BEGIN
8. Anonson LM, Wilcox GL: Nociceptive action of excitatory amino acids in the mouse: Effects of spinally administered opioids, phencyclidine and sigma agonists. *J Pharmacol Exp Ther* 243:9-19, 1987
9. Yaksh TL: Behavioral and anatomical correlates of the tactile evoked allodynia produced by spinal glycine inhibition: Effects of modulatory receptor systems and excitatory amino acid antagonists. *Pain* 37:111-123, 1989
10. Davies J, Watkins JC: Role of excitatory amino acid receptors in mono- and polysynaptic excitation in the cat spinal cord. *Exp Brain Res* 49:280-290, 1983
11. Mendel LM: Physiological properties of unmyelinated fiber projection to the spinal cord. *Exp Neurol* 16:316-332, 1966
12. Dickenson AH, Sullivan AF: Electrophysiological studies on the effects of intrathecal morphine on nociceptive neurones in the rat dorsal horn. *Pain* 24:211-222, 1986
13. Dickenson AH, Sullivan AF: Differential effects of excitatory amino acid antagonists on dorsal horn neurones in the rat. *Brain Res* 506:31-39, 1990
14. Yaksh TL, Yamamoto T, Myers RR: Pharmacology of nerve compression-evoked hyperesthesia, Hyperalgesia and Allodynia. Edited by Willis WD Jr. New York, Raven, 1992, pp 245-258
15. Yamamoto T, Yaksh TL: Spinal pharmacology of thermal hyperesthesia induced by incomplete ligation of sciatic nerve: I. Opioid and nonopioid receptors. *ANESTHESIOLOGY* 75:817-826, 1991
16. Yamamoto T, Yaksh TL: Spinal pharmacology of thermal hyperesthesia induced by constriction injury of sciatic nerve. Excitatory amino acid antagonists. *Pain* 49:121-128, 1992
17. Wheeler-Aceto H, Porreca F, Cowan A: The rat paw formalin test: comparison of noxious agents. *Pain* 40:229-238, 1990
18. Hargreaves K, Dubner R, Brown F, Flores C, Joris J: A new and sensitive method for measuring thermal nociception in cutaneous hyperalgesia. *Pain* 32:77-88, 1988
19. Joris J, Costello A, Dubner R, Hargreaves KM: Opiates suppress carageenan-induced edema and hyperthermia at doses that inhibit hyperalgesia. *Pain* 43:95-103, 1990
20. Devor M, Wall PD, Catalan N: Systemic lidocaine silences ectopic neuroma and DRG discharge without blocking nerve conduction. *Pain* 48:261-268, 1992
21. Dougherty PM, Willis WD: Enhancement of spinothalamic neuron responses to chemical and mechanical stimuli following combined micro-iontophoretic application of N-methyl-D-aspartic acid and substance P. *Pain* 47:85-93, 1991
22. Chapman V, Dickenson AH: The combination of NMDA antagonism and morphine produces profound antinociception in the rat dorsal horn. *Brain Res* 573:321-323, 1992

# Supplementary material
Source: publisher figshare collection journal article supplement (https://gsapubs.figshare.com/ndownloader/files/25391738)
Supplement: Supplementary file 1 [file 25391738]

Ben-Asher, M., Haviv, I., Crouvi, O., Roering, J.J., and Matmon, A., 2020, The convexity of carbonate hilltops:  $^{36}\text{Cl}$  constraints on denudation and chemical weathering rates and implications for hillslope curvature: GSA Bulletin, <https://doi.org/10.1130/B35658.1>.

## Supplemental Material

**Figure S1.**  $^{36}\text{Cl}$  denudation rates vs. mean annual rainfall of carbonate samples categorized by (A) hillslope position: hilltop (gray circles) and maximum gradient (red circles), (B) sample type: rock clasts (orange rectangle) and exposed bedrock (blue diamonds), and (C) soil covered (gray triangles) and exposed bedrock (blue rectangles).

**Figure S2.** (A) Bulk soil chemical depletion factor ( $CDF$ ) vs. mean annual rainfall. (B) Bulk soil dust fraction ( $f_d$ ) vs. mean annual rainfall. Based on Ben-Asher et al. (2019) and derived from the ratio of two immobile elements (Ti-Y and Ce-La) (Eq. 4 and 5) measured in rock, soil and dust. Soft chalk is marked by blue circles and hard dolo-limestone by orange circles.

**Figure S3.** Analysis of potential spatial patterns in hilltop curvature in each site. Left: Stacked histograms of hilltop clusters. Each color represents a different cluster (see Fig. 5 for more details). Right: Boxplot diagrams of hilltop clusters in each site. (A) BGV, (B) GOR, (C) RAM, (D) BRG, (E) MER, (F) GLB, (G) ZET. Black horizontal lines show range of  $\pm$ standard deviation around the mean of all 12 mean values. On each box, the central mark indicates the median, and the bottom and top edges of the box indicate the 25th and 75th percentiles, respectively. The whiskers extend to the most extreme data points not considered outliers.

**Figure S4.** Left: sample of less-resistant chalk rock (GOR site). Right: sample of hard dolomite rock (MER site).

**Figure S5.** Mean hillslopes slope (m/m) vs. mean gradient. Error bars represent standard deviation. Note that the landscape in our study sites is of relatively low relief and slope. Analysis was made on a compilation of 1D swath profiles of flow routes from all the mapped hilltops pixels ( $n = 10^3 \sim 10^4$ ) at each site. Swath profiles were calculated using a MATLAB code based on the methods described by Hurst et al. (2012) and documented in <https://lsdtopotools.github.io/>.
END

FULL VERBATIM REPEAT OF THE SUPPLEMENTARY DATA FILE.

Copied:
8. Anonson LM, Wilcox GL: Nociceptive action of excitatory amino acids in the mouse: Effects of spinally administered opioids, phencyclidine and sigma agonists. *J Pharmacol Exp Ther* 243:9-19, 1987
9. Yaksh TL: Behavioral and anatomical correlates of the tactile evoked allodynia produced by spinal glycine inhibition: Effects of modulatory receptor systems and excitatory amino acid antagonists. *Pain* 37:111-123, 1989
10. Davies J, Watkins JC: Role of excitatory amino acid receptors in mono- and polysynaptic excitation in the cat spinal cord. *Exp Brain Res* 49:280-290, 1983
11. Mendel LM: Physiological properties of unmyelinated fiber projection to the spinal cord. *Exp Neurol* 16:316-332, 1966
12. Dickenson AH, Sullivan AF: Electrophysiological studies on the effects of intrathecal morphine on nociceptive neurones in the rat dorsal horn. *Pain* 24:211-222, 1986
13. Dickenson AH, Sullivan AF: Differential effects of excitatory amino acid antagonists on dorsal horn neurones in the rat. *Brain Res* 506:31-39, 1990
14. Yaksh TL, Yamamoto T, Myers RR: Pharmacology of nerve compression-evoked hyperesthesia, Hyperalgesia and Allodynia. Edited by Willis WD Jr. New York, Raven, 1992, pp 245-258
15. Yamamoto T, Yaksh TL: Spinal pharmacology of thermal hyperesthesia induced by incomplete ligation of sciatic nerve: I. Opioid and nonopioid receptors. *ANESTHESIOLOGY* 75:817-826, 1991
16. Yamamoto T, Yaksh TL: Spinal pharmacology of thermal hyperesthesia induced by constriction injury of sciatic nerve. Excitatory amino acid antagonists. *Pain* 49:121-128, 1992
17. Wheeler-Aceto H, Porreca F, Cowan A: The rat paw formalin test: comparison of noxious agents. *Pain* 40:229-238, 1990
18. Hargreaves K, Dubner R, Brown F, Flores C, Joris J: A new and sensitive method for measuring thermal nociception in cutaneous hyperalgesia. *Pain* 32:77-88, 1988
19. Joris J, Costello A, Dubner R, Hargreaves KM: Opiates suppress carageenan-induced edema and hyperthermia at doses that inhibit hyperalgesia. *Pain* 43:95-103, 1990
20. Devor M, Wall PD, Catalan N: Systemic lidocaine silences ectopic neuroma and DRG discharge without blocking nerve conduction. *Pain* 48:261-268, 1992
21. Dougherty PM, Willis WD: Enhancement of spinothalamic neuron responses to chemical and mechanical stimuli following combined micro-iontophoretic application of N-methyl-D-aspartic acid and substance P. *Pain* 47:85-93, 1991
22. Chapman V, Dickenson AH: The combination of NMDA antagonism and morphine produces profound antinociception in the rat dorsal horn. *Brain Res* 573:321-323, 1992

# Supplementary material
Source: publisher figshare collection journal article supplement (https://gsapubs.figshare.com/ndownloader/files/25391738)
Supplement: Supplementary file 1 [file 25391738]

Ben-Asher, M., Haviv, I., Crouvi, O., Roering, J.J., and Matmon, A., 2020, The convexity of carbonate hilltops:  $^{36}\text{Cl}$  constraints on denudation and chemical weathering rates and implications for hillslope curvature: GSA Bulletin, <https://doi.org/10.1130/B35658.1>.

## Supplemental Material

**Figure S1.**  $^{36}\text{Cl}$  denudation rates vs. mean annual rainfall of carbonate samples categorized by (A) hillslope position: hilltop (gray circles) and maximum gradient (red circles), (B) sample type: rock clasts (orange rectangle) and exposed bedrock (blue diamonds), and (C) soil covered (gray triangles) and exposed bedrock (blue rectangles).

**Figure S2.** (A) Bulk soil chemical depletion factor ( $CDF$ ) vs. mean annual rainfall. (B) Bulk soil dust fraction ( $f_d$ ) vs. mean annual rainfall. Based on Ben-Asher et al. (2019) and derived from the ratio of two immobile elements (Ti-Y and Ce-La) (Eq. 4 and 5) measured in rock, soil and dust. Soft chalk is marked by blue circles and hard dolo-limestone by orange circles.

**Figure S3.** Analysis of potential spatial patterns in hilltop curvature in each site. Left: Stacked histograms of hilltop clusters. Each color represents a different cluster (see Fig. 5 for more details). Right: Boxplot diagrams of hilltop clusters in each site. (A) BGV, (B) GOR, (C) RAM, (D) BRG, (E) MER, (F) GLB, (G) ZET. Black horizontal lines show range of  $\pm$ standard deviation around the mean of all 12 mean values. On each box, the central mark indicates the median, and the bottom and top edges of the box indicate the 25th and 75th percentiles, respectively. The whiskers extend to the most extreme data points not considered outliers.

**Figure S4.** Left: sample of less-resistant chalk rock (GOR site). Right: sample of hard dolomite rock (MER site).

**Figure S5.** Mean hillslopes slope (m/m) vs. mean gradient. Error bars represent standard deviation. Note that the landscape in our study sites is of relatively low relief and slope. Analysis was made on a compilation of 1D swath profiles of flow routes from all the mapped hilltops pixels ( $n = 10^3 \sim 10^4$ ) at each site. Swath profiles were calculated using a MATLAB code based on the methods described by Hurst et al. (2012) and documented in <https://lsdtopotools.github.io/>.